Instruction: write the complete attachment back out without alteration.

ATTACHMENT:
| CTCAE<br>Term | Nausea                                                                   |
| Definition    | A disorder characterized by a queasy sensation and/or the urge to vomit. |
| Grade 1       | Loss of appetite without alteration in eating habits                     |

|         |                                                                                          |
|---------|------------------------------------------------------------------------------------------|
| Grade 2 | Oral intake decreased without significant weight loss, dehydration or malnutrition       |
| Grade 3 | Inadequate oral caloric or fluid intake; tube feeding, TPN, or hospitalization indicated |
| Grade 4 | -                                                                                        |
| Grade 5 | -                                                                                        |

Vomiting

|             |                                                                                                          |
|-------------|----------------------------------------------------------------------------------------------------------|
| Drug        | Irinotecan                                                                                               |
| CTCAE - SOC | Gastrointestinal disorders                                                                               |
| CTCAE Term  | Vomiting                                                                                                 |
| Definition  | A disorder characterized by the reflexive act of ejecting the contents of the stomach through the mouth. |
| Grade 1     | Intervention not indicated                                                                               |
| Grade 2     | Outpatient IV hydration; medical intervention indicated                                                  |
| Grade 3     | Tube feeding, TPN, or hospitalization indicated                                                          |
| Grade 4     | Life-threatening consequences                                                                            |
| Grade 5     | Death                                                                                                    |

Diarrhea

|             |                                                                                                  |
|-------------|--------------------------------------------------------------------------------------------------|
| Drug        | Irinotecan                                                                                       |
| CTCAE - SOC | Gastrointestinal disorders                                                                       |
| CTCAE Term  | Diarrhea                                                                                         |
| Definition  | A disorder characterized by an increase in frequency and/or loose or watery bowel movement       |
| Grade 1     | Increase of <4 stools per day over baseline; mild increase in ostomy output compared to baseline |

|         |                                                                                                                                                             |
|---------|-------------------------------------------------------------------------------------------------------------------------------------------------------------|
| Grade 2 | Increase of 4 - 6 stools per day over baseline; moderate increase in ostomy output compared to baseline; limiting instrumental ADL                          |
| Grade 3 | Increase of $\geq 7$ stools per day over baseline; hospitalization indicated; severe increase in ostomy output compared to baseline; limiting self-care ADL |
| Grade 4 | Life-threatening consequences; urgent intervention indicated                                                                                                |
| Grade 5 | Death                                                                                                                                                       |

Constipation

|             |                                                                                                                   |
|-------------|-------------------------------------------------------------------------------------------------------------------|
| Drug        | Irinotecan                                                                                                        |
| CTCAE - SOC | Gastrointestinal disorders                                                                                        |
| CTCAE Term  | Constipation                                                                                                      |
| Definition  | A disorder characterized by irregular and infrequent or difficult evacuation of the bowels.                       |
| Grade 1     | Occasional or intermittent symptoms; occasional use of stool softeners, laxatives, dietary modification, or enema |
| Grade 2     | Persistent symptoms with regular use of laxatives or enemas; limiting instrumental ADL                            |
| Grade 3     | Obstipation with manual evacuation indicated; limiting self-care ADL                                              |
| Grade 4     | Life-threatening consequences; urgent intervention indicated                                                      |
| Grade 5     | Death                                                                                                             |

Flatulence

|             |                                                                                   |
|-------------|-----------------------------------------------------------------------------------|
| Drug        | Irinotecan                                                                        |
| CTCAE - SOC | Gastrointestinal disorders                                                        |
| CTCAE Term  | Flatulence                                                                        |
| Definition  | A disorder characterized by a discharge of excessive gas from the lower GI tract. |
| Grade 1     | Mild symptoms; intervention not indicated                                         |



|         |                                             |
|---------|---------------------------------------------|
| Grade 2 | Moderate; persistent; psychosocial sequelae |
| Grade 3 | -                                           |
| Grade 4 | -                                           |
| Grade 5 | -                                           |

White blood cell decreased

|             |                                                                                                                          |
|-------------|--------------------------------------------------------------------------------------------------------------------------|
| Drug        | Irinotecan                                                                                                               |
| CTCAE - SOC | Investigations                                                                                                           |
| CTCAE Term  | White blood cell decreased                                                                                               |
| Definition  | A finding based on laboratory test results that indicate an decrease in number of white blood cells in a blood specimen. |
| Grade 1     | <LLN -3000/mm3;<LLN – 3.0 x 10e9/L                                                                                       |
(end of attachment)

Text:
| CTCAE<br>Term | Nausea                                                                   |
| Definition    | A disorder characterized by a queasy sensation and/or the urge to vomit. |
| Grade 1       | Loss of appetite without alteration in eating habits                     |

|         |                                                                                          |
|---------|------------------------------------------------------------------------------------------|
| Grade 2 | Oral intake decreased without significant weight loss, dehydration or malnutrition       |
| Grade 3 | Inadequate oral caloric or fluid intake; tube feeding, TPN, or hospitalization indicated |
| Grade 4 | -                                                                                        |
| Grade 5 | -                                                                                        |

Vomiting

|             |                                                                                                          |
|-------------|----------------------------------------------------------------------------------------------------------|
| Drug        | Irinotecan                                                                                               |
| CTCAE - SOC | Gastrointestinal disorders                                                                               |
| CTCAE Term  | Vomiting                                                                                                 |
| Definition  | A disorder characterized by the reflexive act of ejecting the contents of the stomach through the mouth. |
| Grade 1     | Intervention not indicated                                                                               |
| Grade 2     | Outpatient IV hydration; medical intervention indicated                                                  |
| Grade 3     | Tube feeding, TPN, or hospitalization indicated                                                          |
| Grade 4     | Life-threatening consequences                                                                            |
| Grade 5     | Death                                                                                                    |

Diarrhea

|             |                                                                                                  |
|-------------|--------------------------------------------------------------------------------------------------|
| Drug        | Irinotecan                                                                                       |
| CTCAE - SOC | Gastrointestinal disorders                                                                       |
| CTCAE Term  | Diarrhea                                                                                         |
| Definition  | A disorder characterized by an increase in frequency and/or loose or watery bowel movement       |
| Grade 1     | Increase of <4 stools per day over baseline; mild increase in ostomy output compared to baseline |

|         |                                                                                                                                                             |
|---------|-------------------------------------------------------------------------------------------------------------------------------------------------------------|
| Grade 2 | Increase of 4 - 6 stools per day over baseline; moderate increase in ostomy output compared to baseline; limiting instrumental ADL                          |
| Grade 3 | Increase of $\geq 7$ stools per day over baseline; hospitalization indicated; severe increase in ostomy output compared to baseline; limiting self-care ADL |
| Grade 4 | Life-threatening consequences; urgent intervention indicated                                                                                                |
| Grade 5 | Death                                                                                                                                                       |

Constipation

|             |                                                                                                                   |
|-------------|-------------------------------------------------------------------------------------------------------------------|
| Drug        | Irinotecan                                                                                                        |
| CTCAE - SOC | Gastrointestinal disorders                                                                                        |
| CTCAE Term  | Constipation                                                                                                      |
| Definition  | A disorder characterized by irregular and infrequent or difficult evacuation of the bowels.                       |
| Grade 1     | Occasional or intermittent symptoms; occasional use of stool softeners, laxatives, dietary modification, or enema |
| Grade 2     | Persistent symptoms with regular use of laxatives or enemas; limiting instrumental ADL                            |
| Grade 3     | Obstipation with manual evacuation indicated; limiting self-care ADL                                              |
| Grade 4     | Life-threatening consequences; urgent intervention indicated                                                      |
| Grade 5     | Death                                                                                                             |

Flatulence

|             |                                                                                   |
|-------------|-----------------------------------------------------------------------------------|
| Drug        | Irinotecan                                                                        |
| CTCAE - SOC | Gastrointestinal disorders                                                        |
| CTCAE Term  | Flatulence                                                                        |
| Definition  | A disorder characterized by a discharge of excessive gas from the lower GI tract. |
| Grade 1     | Mild symptoms; intervention not indicated                                         |



|         |                                             |
|---------|---------------------------------------------|
| Grade 2 | Moderate; persistent; psychosocial sequelae |
| Grade 3 | -                                           |
| Grade 4 | -                                           |
| Grade 5 | -                                           |

White blood cell decreased

|             |                                                                                                                          |
|-------------|--------------------------------------------------------------------------------------------------------------------------|
| Drug        | Irinotecan                                                                                                               |
| CTCAE - SOC | Investigations                                                                                                           |
| CTCAE Term  | White blood cell decreased                                                                                               |
| Definition  | A finding based on laboratory test results that indicate an decrease in number of white blood cells in a blood specimen. |
| Grade 1     | <LLN -3000/mm3;<LLN – 3.0 x 10e9/L                                                                                       |